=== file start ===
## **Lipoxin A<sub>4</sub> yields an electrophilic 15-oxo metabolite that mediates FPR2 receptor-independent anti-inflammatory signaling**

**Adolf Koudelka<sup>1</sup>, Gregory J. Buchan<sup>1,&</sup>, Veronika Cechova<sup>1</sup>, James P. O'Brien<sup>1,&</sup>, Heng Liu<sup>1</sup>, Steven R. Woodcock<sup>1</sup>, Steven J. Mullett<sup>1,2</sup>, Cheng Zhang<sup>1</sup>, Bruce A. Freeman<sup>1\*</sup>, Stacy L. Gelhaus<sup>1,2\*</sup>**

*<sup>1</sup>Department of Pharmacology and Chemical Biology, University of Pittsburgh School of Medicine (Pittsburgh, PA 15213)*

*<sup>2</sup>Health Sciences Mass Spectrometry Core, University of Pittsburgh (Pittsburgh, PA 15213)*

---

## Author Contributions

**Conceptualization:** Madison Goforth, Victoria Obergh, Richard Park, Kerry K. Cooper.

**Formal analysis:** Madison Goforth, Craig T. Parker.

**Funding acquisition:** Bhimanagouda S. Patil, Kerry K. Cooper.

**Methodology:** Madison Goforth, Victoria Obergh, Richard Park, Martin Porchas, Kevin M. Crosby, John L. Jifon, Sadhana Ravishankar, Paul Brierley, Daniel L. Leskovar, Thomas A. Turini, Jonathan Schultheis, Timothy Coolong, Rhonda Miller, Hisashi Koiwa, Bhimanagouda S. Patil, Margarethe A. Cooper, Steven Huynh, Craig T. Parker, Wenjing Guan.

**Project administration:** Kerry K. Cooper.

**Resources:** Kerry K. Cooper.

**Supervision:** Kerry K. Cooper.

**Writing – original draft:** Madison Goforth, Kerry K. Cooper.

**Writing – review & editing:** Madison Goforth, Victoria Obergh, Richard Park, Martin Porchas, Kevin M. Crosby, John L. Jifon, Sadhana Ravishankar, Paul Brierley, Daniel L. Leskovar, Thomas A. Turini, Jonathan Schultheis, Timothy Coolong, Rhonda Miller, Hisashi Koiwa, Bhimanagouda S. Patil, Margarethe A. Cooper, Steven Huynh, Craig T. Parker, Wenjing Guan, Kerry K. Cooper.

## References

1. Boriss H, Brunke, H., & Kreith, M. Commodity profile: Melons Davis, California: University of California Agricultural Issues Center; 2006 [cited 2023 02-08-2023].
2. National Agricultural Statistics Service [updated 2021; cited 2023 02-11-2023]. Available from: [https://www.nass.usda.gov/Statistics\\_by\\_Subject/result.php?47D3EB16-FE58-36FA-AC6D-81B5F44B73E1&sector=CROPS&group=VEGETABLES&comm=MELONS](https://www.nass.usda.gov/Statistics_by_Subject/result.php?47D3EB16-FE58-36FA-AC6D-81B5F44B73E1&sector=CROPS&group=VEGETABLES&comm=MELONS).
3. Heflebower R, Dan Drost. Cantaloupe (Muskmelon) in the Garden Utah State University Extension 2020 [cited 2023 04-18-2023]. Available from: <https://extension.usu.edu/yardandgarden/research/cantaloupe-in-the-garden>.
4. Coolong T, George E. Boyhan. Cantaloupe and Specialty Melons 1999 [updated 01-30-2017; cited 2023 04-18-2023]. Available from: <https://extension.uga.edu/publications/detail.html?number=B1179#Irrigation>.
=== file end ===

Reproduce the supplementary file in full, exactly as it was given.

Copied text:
## **Lipoxin A<sub>4</sub> yields an electrophilic 15-oxo metabolite that mediates FPR2 receptor-independent anti-inflammatory signaling**

**Adolf Koudelka<sup>1</sup>, Gregory J. Buchan<sup>1,&</sup>, Veronika Cechova<sup>1</sup>, James P. O'Brien<sup>1,&</sup>, Heng Liu<sup>1</sup>, Steven R. Woodcock<sup>1</sup>, Steven J. Mullett<sup>1,2</sup>, Cheng Zhang<sup>1</sup>, Bruce A. Freeman<sup>1\*</sup>, Stacy L. Gelhaus<sup>1,2\*</sup>**

*<sup>1</sup>Department of Pharmacology and Chemical Biology, University of Pittsburgh School of Medicine (Pittsburgh, PA 15213)*

*<sup>2</sup>Health Sciences Mass Spectrometry Core, University of Pittsburgh (Pittsburgh, PA 15213)*

---

## Author Contributions

**Conceptualization:** Madison Goforth, Victoria Obergh, Richard Park, Kerry K. Cooper.

**Formal analysis:** Madison Goforth, Craig T. Parker.

**Funding acquisition:** Bhimanagouda S. Patil, Kerry K. Cooper.

**Methodology:** Madison Goforth, Victoria Obergh, Richard Park, Martin Porchas, Kevin M. Crosby, John L. Jifon, Sadhana Ravishankar, Paul Brierley, Daniel L. Leskovar, Thomas A. Turini, Jonathan Schultheis, Timothy Coolong, Rhonda Miller, Hisashi Koiwa, Bhimanagouda S. Patil, Margarethe A. Cooper, Steven Huynh, Craig T. Parker, Wenjing Guan.

**Project administration:** Kerry K. Cooper.

**Resources:** Kerry K. Cooper.

**Supervision:** Kerry K. Cooper.

**Writing – original draft:** Madison Goforth, Kerry K. Cooper.

**Writing – review & editing:** Madison Goforth, Victoria Obergh, Richard Park, Martin Porchas, Kevin M. Crosby, John L. Jifon, Sadhana Ravishankar, Paul Brierley, Daniel L. Leskovar, Thomas A. Turini, Jonathan Schultheis, Timothy Coolong, Rhonda Miller, Hisashi Koiwa, Bhimanagouda S. Patil, Margarethe A. Cooper, Steven Huynh, Craig T. Parker, Wenjing Guan, Kerry K. Cooper.

## References

1. Boriss H, Brunke, H., & Kreith, M. Commodity profile: Melons Davis, California: University of California Agricultural Issues Center; 2006 [cited 2023 02-08-2023].
2. National Agricultural Statistics Service [updated 2021; cited 2023 02-11-2023]. Available from: [https://www.nass.usda.gov/Statistics\\_by\\_Subject/result.php?47D3EB16-FE58-36FA-AC6D-81B5F44B73E1&sector=CROPS&group=VEGETABLES&comm=MELONS](https://www.nass.usda.gov/Statistics_by_Subject/result.php?47D3EB16-FE58-36FA-AC6D-81B5F44B73E1&sector=CROPS&group=VEGETABLES&comm=MELONS).
3. Heflebower R, Dan Drost. Cantaloupe (Muskmelon) in the Garden Utah State University Extension 2020 [cited 2023 04-18-2023]. Available from: <https://extension.usu.edu/yardandgarden/research/cantaloupe-in-the-garden>.
4. Coolong T, George E. Boyhan. Cantaloupe and Specialty Melons 1999 [updated 01-30-2017; cited 2023 04-18-2023]. Available from: <https://extension.uga.edu/publications/detail.html?number=B1179#Irrigation>.